Wednesday, 17 November 2004
Dáil Eireann Debate
264. Mr. J. O’Keeffe asked the Minister for Foreign Affairs his views on Ireland’s attitude to the treatment of members of the Falun Gong in China; if this attitude has been made clear to the Government of China; and the steps that have been taken through the EU, the UN and otherwise regarding the treatment of members of the Falun Gong by the Government of China. [29078/04]
Minister for Foreign Affairs (Mr. D. Ahern): The Government takes seriously concerns about human rights in China, including those of practitioners of Falun Gong, also known as Falun Dafa. The issue of the treatment in China of practitioners of Falun Dafa has been raised both bilaterally and through the formal framework of the EU-China Human Rights Dialogue, which was established in 1996.
This matter is also addressed at the UN level. At the UN Commission on Human Rights in March 2004 during Ireland’s EU Presidency, the EU made a statement on the question of the violation of human rights and fundamental freedoms in any part of the world. In this statement, while reaffirming its commitment to the EU-China Human Rights Dialogue, the EU raised issues of particular concern, including ongoing violations in China of the human rights of Falun Dafa practitioners.
During the EU Presidency and since, we have had several meetings with China at which we also raised the issue of the human rights situation. The Chinese Premier, Mr. Wen Jiabao, accompanied by Foreign Minister, Mr. Li Zhaoxing, visited Ireland on 11-12 May 2004, as part of his first official visit to Europe. On 11 May, official talks led by the Taoiseach took place in Dublin.
At this meeting, both sides expressed their ongoing commitment to the EU-China Human Rights Dialogue. The Human Rights Dialogue is the formal framework through which the EU raises its concerns about individual human rights cases, including those of Falun Gong practitioners, and more general issues, such as the protection of freedom of religion and expression, which have a particular impact on practitioners of Falun Gong. We emphasised that Ireland is willing to share our experience and expertise with China on human rights. The premier also reported on the measures his government is taking in the field of human rights, which included the addition of an express provision on human rights to China’s constitution earlier this year.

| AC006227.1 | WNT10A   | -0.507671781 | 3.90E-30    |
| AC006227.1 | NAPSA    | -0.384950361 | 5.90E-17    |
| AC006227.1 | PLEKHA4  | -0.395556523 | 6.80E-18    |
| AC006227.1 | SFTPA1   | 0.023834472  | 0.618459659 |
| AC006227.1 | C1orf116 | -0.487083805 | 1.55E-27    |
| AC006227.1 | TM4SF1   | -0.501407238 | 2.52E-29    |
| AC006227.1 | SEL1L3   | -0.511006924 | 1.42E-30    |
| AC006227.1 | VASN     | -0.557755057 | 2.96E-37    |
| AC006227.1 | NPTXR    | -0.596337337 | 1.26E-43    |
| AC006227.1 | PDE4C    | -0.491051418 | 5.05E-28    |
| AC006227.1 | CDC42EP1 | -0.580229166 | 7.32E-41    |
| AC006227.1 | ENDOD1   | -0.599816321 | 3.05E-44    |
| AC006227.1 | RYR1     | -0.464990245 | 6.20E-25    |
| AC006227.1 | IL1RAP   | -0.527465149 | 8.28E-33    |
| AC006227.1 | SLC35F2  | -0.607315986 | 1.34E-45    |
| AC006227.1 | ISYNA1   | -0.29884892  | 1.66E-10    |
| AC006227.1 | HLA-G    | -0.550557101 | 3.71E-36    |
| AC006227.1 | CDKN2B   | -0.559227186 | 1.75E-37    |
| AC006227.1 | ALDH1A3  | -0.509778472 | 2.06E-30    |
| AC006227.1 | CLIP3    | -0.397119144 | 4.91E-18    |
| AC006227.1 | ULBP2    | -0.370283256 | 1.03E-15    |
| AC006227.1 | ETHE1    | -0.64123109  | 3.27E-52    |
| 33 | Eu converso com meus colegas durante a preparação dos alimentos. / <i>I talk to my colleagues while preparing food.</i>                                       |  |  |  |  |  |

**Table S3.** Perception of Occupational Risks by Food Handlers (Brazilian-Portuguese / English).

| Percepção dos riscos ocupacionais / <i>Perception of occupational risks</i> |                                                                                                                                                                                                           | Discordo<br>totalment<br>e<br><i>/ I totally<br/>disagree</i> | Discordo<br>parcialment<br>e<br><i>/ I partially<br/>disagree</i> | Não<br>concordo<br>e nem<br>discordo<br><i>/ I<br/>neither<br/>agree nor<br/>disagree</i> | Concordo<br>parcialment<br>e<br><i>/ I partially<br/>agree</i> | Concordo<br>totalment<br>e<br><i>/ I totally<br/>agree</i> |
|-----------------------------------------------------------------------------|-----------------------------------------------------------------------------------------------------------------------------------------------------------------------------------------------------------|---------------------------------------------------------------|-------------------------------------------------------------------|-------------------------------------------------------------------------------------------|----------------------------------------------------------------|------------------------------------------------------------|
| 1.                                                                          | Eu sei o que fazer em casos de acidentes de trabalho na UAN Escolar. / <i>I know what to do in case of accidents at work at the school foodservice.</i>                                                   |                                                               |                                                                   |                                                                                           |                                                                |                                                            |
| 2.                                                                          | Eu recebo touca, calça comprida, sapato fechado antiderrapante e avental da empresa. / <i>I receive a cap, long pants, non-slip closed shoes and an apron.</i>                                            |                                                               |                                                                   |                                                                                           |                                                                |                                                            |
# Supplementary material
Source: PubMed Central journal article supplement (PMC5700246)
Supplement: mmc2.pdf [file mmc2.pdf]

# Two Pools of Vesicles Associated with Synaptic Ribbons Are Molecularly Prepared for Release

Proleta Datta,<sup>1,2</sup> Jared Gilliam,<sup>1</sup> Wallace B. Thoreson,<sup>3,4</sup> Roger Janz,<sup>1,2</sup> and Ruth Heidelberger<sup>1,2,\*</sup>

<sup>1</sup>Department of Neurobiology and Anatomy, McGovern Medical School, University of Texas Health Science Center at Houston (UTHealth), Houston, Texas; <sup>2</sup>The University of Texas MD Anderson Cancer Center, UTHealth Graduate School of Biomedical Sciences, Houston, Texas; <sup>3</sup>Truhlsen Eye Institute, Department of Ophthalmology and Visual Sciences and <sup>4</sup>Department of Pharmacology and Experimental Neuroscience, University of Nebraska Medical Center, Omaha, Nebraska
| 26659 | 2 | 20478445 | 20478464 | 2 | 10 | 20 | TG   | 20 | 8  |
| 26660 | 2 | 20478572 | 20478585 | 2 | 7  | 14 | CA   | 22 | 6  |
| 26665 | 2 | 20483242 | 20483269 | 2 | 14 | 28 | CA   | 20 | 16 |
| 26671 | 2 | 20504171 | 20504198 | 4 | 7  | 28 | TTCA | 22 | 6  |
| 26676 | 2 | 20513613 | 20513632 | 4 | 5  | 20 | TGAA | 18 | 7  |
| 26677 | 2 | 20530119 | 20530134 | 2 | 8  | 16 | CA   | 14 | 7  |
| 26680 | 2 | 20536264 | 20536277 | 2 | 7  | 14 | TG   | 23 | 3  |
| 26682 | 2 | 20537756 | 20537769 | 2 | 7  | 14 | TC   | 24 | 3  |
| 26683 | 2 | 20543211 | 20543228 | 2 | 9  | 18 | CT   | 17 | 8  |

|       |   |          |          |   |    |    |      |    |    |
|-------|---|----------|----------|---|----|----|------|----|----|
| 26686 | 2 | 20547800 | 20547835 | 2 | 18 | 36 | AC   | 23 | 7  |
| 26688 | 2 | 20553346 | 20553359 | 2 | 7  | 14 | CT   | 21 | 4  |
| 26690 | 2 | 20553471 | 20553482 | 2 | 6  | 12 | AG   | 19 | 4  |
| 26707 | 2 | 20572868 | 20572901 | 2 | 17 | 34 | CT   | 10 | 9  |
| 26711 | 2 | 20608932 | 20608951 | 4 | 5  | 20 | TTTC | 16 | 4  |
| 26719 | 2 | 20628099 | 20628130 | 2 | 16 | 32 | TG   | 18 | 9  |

Since the Presidency, the Government continues to examine this question with our EU partners, considering our overall relationship with China, our ongoing commitment to human rights and the broader regional and international context. This approach was conveyed to the Chinese authorities by the Taoiseach during his bilateral discussions with Premier Wen when they met in the margins of the ASEM summit in Hanoi, on 9 October 2004 and, most recently, to Chinese Vice-Premier, Mr. Huang Ju, during his current visit to Ireland, from 16 to 18 November 2004. During our meeting with the Vice-Premier, we reiterated Ireland’s commitment to the protection and promotion of human rights and fundamental freedoms and again emphasised Ireland’s willingness to share its experience and expertise with China in the human rights area.
Overall, there has been an improvement in the human rights situation in China since 1989, which is reflected in the increasing frequency of EU-China meetings, the regular EU-China Human Rights Dialogue and by the first joint seminar which took place in Beijing in June 2004 on China’s ratification of the International Covenant on Civil and Political Rights, ICCPR. The early ratification of the ICCPR would be an important development in the legal protection of the civil and political freedoms of Chinese citizens, including followers of Falun Gong. A further seminar on ICCPR ratification took place in The Hague on 8-9 November 2004.
Ireland, together with our EU partners, will continue to encourage the Chinese authorities to respect fully the human rights of all citizens. There will be further discussion of these matters during the EU-China summit, scheduled to take place in The Hague on 8 December 2004.
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